Contemporary American society can be a wonderful thing, but it can also be a frightening thing. Scholars have even argued that at no time in the history of western man have so many people felt in conflict with their own society.1 In Bright Lights, Big City the "hero" searches through the modern urban jungle for love and understanding.2 In Less Than Zero, the southern California region takes on a life an impetus of its own, propelling the characteristics into an abyss of excessive materialism and selfdestruction.3 And, in Anywhere But Here life is good only if it is different; excitement and personal joy are available somewhere, but where?4
Through these three novels, this paper will investigate the manner by which innocence is lost, by which society itself acts as an antisocializing agent, and in which "the culture of narcissism" removes what it purportedly promises. In the same manner, some broader questions about the quality of life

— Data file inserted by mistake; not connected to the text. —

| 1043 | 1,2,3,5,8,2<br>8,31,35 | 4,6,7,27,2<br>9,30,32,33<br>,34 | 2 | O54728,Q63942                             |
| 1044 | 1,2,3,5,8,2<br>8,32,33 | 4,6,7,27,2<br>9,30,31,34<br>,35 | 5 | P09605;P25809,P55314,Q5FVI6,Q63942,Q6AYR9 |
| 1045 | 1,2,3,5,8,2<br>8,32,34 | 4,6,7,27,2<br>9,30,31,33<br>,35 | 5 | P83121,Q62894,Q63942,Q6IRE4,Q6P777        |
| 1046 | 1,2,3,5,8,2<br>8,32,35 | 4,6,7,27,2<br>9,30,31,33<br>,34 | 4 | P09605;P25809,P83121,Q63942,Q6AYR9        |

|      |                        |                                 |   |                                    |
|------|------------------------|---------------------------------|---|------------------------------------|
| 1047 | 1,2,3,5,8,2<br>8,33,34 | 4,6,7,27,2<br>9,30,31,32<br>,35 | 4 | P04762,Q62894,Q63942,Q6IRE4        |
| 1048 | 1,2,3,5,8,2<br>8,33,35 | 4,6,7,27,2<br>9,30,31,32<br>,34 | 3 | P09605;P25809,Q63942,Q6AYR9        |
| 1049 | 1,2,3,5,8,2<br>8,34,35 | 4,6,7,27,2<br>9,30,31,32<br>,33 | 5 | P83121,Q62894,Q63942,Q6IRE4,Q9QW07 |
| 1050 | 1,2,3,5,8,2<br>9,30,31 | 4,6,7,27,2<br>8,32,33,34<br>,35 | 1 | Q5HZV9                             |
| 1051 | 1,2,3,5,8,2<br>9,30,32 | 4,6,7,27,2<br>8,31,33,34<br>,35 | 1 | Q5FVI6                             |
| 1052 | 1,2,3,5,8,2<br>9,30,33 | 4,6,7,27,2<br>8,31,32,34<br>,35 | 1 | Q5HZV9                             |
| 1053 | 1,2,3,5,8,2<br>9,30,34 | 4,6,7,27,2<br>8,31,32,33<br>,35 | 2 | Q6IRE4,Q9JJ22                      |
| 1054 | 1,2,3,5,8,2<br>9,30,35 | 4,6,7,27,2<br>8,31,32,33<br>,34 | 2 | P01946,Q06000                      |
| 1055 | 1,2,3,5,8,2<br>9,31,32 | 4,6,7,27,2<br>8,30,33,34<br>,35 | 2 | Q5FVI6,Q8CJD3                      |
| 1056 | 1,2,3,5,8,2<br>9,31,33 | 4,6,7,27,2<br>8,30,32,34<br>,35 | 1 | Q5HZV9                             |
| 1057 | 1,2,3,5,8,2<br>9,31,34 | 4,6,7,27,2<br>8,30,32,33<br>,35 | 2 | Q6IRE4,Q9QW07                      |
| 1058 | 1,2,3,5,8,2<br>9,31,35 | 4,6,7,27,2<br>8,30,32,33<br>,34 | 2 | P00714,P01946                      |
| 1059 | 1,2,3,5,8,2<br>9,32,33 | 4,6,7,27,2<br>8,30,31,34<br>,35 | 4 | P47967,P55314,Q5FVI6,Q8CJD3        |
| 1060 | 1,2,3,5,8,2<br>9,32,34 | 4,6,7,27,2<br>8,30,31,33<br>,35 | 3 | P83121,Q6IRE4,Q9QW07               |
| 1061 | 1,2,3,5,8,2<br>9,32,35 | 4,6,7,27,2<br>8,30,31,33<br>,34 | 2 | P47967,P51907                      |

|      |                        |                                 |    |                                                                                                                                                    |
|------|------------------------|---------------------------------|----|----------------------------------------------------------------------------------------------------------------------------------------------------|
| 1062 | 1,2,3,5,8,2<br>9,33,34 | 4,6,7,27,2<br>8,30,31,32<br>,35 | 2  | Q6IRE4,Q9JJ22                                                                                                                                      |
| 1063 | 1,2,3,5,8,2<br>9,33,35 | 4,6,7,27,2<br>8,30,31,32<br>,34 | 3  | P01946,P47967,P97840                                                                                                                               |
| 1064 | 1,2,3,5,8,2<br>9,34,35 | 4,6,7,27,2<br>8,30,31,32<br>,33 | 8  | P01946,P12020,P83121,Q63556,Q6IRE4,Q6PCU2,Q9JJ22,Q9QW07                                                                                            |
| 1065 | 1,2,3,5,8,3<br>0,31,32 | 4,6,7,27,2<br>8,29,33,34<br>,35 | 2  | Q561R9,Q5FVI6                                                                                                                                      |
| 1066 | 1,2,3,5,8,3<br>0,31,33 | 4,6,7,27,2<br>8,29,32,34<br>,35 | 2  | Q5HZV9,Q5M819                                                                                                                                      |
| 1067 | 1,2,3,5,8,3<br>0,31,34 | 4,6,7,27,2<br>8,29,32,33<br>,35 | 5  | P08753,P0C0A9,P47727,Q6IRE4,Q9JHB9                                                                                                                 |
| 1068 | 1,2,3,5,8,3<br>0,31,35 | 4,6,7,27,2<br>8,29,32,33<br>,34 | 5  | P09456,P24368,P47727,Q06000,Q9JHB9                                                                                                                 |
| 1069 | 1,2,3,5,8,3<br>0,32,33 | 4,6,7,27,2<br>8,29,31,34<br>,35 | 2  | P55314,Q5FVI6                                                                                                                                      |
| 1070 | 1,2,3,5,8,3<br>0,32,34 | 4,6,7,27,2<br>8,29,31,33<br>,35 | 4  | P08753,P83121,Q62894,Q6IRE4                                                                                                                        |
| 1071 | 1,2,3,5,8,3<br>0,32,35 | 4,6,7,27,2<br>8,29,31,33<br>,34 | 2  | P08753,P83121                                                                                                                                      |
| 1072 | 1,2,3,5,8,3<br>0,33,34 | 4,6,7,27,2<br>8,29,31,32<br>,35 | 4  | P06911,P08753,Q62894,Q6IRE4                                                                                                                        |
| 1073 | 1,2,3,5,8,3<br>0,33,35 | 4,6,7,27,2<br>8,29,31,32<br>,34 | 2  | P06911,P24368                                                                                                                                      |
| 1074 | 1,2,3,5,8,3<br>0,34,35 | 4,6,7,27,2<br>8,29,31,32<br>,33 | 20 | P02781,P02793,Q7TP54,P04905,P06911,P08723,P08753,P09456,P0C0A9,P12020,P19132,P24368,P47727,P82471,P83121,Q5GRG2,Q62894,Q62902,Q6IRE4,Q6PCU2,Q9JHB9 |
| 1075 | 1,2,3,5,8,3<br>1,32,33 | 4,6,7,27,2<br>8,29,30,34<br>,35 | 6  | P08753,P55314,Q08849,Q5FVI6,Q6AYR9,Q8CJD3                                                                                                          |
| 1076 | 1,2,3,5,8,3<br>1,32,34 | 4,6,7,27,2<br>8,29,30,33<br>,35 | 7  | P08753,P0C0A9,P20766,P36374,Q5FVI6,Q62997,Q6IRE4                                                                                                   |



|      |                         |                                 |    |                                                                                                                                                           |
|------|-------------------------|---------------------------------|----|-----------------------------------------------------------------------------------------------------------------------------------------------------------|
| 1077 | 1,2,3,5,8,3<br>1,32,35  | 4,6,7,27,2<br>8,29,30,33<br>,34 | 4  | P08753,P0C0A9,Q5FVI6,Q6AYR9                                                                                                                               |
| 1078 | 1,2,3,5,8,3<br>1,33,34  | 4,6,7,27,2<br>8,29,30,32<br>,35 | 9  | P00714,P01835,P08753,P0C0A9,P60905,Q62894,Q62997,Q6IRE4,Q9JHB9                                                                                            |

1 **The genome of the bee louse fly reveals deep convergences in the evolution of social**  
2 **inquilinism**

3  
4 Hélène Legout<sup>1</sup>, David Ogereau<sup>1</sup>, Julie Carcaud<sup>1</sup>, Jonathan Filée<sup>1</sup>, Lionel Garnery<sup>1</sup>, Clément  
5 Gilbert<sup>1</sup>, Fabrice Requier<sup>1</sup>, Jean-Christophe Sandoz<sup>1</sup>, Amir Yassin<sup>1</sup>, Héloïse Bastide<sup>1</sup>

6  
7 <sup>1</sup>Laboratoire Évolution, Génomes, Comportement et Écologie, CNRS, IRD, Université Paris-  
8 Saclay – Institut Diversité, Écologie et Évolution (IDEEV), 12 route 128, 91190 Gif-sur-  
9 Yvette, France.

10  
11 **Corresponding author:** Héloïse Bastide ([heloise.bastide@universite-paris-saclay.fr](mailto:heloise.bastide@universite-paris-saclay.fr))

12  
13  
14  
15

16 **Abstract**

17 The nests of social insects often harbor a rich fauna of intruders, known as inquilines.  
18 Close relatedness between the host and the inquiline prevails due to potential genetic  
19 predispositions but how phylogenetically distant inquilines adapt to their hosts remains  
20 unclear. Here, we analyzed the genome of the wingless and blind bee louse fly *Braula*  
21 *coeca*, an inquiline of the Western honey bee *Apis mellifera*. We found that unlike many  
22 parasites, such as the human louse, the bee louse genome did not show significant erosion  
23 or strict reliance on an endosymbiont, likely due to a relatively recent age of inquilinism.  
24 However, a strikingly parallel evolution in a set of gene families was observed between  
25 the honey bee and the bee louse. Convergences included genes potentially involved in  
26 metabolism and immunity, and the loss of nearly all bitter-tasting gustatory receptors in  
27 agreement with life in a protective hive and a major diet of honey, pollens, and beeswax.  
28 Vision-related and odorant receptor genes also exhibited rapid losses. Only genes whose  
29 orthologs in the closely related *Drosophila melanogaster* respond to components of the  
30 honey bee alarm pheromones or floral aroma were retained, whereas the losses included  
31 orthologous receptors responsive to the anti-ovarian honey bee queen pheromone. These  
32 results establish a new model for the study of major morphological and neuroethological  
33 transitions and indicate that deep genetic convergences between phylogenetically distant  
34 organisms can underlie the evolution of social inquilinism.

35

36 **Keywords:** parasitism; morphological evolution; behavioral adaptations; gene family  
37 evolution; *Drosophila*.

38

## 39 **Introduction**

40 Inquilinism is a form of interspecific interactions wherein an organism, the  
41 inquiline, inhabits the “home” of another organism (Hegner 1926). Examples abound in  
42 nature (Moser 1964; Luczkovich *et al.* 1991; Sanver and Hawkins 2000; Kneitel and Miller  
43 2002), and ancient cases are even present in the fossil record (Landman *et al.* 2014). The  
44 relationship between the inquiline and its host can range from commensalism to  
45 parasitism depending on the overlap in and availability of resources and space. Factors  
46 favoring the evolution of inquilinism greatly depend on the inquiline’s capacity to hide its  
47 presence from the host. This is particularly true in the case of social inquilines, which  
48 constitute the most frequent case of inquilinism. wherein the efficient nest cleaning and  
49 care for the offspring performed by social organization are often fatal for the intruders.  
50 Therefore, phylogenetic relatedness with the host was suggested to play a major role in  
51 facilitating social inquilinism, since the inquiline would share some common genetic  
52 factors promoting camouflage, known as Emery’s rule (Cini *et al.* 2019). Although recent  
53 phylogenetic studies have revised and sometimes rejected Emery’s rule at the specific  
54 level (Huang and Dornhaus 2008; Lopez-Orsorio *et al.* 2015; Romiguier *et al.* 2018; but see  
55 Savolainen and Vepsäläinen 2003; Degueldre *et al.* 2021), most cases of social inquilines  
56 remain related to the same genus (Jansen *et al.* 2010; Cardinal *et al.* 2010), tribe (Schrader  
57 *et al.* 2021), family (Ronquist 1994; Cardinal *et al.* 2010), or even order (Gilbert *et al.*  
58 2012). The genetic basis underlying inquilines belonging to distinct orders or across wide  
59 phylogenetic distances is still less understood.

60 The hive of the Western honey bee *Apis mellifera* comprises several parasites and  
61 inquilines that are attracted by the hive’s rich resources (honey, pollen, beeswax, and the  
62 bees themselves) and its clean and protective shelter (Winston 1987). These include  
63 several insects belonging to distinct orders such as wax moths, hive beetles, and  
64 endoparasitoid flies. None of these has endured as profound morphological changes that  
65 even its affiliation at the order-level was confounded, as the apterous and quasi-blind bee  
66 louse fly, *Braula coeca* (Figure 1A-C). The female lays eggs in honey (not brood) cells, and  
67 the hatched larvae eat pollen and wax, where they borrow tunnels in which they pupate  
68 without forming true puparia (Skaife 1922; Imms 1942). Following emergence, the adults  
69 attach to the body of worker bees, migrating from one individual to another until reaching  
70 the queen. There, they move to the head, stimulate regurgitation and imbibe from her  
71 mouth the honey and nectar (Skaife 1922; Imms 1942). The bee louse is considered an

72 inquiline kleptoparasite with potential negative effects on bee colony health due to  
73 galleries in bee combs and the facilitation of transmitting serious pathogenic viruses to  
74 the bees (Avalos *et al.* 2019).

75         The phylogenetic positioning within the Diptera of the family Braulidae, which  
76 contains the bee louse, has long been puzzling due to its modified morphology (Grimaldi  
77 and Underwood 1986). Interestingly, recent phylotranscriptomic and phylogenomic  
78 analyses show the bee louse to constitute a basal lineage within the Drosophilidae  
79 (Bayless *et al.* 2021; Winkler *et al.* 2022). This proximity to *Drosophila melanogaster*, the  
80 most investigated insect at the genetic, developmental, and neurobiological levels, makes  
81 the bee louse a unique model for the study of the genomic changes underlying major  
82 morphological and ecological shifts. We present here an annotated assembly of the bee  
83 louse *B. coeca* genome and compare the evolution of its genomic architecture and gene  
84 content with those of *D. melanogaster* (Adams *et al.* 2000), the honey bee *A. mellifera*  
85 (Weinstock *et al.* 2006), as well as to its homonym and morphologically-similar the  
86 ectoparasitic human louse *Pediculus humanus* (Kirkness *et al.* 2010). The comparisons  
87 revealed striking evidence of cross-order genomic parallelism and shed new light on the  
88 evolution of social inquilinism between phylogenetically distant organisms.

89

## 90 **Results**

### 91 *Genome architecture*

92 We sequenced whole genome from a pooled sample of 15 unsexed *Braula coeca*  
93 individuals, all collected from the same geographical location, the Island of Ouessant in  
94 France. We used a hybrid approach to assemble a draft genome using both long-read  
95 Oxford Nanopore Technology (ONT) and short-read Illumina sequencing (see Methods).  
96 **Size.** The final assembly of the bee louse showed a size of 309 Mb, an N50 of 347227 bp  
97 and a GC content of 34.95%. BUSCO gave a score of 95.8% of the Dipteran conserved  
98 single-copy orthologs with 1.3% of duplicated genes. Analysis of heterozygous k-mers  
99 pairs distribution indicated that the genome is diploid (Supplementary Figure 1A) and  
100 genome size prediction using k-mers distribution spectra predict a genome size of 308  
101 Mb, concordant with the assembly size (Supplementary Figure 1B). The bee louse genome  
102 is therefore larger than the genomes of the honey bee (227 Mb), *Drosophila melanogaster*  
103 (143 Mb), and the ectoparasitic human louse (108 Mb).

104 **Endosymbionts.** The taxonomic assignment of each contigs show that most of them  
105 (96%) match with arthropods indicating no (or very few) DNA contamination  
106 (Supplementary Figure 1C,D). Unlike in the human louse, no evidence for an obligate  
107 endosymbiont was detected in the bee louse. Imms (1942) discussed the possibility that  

1 See Leftan Stavrianos, The Promise of the Coming Dark Ages, (San Francisco: W.H. Freeman, 1976). Stavrianos argues that society as a whole lacks cohesion and the belief systems that give its members at least a marginal feeling of security. In this way, as adolescents grow to adulthood, they are often swept away by the very society they aspire to join.
2 Jay McInerney, Bright Lights, Big City, (New York: Vintage Books, 1984).
3 Bret Easton Ellis, Less Than Zero, (New York: Penguin Books, 1985).
4 Mona Simpson, Anywhere But Here, (New York: Vintage Books, 1986). in a modern, capitalistic society will be addressed, focusing on the topics of alienation, emotional deprivation, and lack of time or too much materialistic stimulation. Moreover, personalities seem to often be at the mercy of society. In modern times we are continually bombarded with messages from the media which promulgate into our own sense of identity. Advertising, for example, professes to tell society the way i...